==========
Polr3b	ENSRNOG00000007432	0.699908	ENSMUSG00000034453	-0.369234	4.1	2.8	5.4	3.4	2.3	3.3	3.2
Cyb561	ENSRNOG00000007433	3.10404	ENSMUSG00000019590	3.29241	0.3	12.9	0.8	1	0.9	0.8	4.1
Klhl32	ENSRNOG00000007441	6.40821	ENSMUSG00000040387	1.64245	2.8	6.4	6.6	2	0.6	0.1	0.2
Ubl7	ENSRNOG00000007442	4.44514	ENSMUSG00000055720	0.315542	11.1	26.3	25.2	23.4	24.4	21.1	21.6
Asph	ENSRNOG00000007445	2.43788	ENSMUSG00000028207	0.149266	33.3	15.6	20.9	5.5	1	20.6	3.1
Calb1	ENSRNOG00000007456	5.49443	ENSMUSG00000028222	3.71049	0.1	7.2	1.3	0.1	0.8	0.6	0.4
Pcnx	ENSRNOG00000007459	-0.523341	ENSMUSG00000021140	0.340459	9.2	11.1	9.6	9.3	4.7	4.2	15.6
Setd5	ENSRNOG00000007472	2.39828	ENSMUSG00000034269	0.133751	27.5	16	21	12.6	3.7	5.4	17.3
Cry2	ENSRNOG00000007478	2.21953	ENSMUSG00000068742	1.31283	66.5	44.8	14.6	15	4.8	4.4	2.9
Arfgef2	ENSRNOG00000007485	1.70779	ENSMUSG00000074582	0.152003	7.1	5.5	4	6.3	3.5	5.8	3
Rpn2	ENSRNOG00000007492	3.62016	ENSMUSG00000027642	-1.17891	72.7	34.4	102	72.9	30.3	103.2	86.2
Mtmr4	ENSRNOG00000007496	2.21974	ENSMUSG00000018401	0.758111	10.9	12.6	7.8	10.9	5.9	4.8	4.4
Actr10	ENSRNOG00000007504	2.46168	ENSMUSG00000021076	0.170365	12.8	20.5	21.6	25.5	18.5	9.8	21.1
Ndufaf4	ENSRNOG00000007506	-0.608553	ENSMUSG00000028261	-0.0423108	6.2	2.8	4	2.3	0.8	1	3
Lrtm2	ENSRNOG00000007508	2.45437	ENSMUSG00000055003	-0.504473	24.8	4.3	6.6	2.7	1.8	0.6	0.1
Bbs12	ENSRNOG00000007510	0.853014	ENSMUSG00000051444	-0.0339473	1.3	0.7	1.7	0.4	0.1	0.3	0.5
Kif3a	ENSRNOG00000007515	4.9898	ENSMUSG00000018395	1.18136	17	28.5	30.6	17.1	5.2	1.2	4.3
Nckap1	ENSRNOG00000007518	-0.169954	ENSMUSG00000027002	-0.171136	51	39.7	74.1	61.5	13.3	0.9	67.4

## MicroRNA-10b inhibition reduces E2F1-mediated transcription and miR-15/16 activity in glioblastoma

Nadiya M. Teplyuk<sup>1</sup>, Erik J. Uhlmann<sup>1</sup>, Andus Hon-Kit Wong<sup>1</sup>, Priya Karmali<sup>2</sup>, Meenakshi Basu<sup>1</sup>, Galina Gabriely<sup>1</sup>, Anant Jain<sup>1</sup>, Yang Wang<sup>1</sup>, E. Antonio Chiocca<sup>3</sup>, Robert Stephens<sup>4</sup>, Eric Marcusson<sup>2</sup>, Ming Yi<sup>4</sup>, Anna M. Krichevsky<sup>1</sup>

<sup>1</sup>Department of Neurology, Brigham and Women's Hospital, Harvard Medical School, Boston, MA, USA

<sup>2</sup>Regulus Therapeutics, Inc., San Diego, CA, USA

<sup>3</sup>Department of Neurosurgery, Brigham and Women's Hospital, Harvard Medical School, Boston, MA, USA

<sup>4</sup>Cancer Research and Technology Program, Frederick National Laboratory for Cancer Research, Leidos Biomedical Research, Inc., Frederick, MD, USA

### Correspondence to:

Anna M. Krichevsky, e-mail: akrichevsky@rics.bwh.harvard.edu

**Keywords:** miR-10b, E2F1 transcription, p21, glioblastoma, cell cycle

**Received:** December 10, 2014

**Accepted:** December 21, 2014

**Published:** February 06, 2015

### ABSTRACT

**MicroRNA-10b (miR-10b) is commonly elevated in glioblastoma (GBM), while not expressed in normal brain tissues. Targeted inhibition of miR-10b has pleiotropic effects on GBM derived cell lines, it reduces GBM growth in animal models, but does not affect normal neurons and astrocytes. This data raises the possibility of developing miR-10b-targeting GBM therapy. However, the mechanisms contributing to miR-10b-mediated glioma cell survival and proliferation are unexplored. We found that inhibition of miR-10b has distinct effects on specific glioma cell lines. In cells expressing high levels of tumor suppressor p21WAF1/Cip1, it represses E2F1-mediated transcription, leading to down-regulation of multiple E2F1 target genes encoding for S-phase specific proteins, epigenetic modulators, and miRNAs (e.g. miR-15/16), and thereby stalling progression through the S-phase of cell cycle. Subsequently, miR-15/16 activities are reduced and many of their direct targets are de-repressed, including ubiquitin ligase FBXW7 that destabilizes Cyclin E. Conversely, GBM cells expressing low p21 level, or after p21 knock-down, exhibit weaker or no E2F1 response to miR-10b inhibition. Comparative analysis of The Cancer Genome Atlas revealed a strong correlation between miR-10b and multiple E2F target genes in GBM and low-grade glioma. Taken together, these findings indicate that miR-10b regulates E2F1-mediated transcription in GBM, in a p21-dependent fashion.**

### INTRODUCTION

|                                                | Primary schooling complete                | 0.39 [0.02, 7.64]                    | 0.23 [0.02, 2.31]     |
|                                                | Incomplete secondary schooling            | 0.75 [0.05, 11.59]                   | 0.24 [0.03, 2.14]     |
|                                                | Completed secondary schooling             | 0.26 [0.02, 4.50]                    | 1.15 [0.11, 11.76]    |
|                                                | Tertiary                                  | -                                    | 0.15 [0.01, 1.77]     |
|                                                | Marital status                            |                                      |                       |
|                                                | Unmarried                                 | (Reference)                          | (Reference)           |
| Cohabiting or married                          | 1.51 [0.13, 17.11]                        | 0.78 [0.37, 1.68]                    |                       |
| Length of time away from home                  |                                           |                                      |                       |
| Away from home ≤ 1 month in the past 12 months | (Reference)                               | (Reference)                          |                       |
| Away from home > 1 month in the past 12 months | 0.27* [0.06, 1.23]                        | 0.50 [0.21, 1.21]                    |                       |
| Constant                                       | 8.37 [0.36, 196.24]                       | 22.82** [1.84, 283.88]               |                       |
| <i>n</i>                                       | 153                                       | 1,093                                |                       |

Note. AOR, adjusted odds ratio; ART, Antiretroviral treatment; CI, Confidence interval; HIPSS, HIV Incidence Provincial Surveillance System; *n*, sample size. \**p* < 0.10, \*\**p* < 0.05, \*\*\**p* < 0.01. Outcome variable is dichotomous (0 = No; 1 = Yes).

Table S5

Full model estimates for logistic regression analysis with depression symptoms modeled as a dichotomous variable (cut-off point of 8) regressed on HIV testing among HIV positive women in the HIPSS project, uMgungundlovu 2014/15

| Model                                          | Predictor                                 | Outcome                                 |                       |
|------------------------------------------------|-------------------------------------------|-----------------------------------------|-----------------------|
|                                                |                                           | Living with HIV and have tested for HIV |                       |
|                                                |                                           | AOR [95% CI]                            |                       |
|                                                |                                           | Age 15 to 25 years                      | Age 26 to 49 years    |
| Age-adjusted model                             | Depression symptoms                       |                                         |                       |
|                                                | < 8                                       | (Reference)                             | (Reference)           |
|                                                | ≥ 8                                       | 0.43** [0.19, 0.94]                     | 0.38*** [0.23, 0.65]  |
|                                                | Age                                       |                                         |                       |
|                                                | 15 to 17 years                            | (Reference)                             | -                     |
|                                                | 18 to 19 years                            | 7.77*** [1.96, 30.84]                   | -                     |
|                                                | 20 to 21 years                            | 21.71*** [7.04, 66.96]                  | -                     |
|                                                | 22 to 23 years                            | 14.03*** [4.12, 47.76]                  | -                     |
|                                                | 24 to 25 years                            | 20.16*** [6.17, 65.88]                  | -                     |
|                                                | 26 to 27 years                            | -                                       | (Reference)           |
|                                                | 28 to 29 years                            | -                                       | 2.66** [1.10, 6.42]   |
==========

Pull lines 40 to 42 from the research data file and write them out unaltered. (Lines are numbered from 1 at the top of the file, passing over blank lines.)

| Cohabiting or married                          | 1.51 [0.13, 17.11]                        | 0.78 [0.37, 1.68]                    |                       |
| Length of time away from home                  |                                           |                                      |                       |
| Away from home ≤ 1 month in the past 12 months | (Reference)                               | (Reference)                          |                       |